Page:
One cause for concern was the continued existence of arms caches, where many weapons were hidden at the end of the war of destabilisation in 1992. Pacheco regarded these caches as "permanent sources for the continual proliferation of firearms in illicit hands".
The police were continuing to dismantle arms caches, and so far this year, the minister said, they had located and destroyed 3,004 guns and about 300,000 rounds of ammunition.
Pacheco stressed the need for community cooperation with the police, through the strengthening of the Community Policing Councils. The number of such Councils has risen to 1,656.
The British-based Climate Change Corporation (C3) is working with the government of Buzi district. In the central province of Sofala, on a project to produce biodiesel, starting in the first phase with planting 1,000 hectares with the jatropha plant.
The Buzi district director of agriculture, Caetano Benedito, told AIM that the areas where jatropha could be grown have been identified, and that the project will also involve farmers from the family sector.
The British company will supply inputs and has signed an agreement with the Buzi government establishing the principles to be followed by any farmer who wishes to take part.
Jatropha is one of the best plants for the production of biodiesel, largely because it does not need much water and land that is otherwise marginal can be used. The plant could thus play a role in the fight against poverty in the Mozambican countryside, and eventually help reduce the country's fuel bill.
To join the project, a farmer must undertake to plant at least one hectare with jatropha. As a demonstration, the project has planted 1,500 jatropha seedlings in various parts of the district.
C3 will supply the farmers with seeds and the full technological package they need (including training), and has promised to purchase their entire jatropha crop
To avoid jatropha becoming a monoculture, the farmers involved are also being given seed for beans. The project insists that food security must be maintained, since jatropha is fairly slow growing and it will take three to five years before the first crop can be harvested.
The United States Trade and Development Agency (USTDA) has granted $445,000 to Mozambique's state-owned airports company, ADM, for studies on the expansion of the airports in the northern cities of Pemba and Nacala, and the southern resort of Vilankulo.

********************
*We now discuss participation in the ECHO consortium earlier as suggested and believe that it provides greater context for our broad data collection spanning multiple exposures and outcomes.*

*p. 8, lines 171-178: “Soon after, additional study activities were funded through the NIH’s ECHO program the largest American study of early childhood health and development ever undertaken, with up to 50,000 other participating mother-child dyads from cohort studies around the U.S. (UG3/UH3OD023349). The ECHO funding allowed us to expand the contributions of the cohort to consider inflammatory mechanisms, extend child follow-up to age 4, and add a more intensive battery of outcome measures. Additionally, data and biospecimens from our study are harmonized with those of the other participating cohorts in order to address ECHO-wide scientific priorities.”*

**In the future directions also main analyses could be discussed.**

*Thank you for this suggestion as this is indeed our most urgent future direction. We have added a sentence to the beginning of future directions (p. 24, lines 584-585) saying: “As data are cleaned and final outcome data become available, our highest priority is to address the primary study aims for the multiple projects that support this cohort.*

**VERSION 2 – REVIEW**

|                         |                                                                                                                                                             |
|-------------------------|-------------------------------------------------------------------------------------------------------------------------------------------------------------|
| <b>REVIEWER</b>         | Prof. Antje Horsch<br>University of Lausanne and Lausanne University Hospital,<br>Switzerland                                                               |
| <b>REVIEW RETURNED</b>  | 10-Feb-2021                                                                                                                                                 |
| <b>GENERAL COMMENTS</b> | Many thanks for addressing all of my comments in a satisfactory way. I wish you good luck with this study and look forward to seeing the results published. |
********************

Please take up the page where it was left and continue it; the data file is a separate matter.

Signing the agreements in Maputo on 20 October were the deputy director of USTDA, Leocadia Zak, the charge d'affaires at the US embassy, Elizabeth Raspolic, and two members of the ADM board, Antonio Loureiro and Hermenegildo Mavale.
The studies will determine the requirements for improving Pemba and Nacala airports, and will also look at the impact of such an expansion on Vilankulo airport in the southern province of Inhambane. Both Pemba and Vilankulo airports cater heavily for the tourist trade.
According to Loureiro, the study will assess the potential for the growth of traffic in Pemba, Nacala and Vilankulo. On the basis of these results, it will choose either Pemba or Nacala for a master plan to cater for developments over the next 20 years.
This is the second agreement between ADM and USTDA. The first led to an air traffic plan now under implementation, and which is credited with improving air safety conditions.
Loureiro said the current agreement is in line with ADM's plans for the 2006-2008 period, which include expanding Pemba and Vilankulo airport, and converting the military air base at Nacala into a civilian airport.
Mozambique needs about $8.5 million to be raised among the government's cooperation partners to modernise and expand the meteorology network in the country. To that end, at the last meeting of the Mozambican cabinet, a meteorology development strategy up to 2010 was approved, which includes investment in staff training in new technologies.
Transport and Communications Minister Antonio Munguambe revealed this to reporters on 16 October during an interval in a meeting of the African Forum of Users of the Satellite Products of EUMETSAT (European Organisation for the Exploitation of Meteorological Satellites).
Commenting on training as one of the main components of the strategy, Munguambe said that even if information is available, it will be of no use if people are not trained to interpret, decode and disseminate it".
"On the other hand if we do not have equipment to receive and later to process, decode and disseminate this information there will be no advance", he said, adding that this is why investment is also to be made in technologies to modernise the National Meteorology Institute (INAM).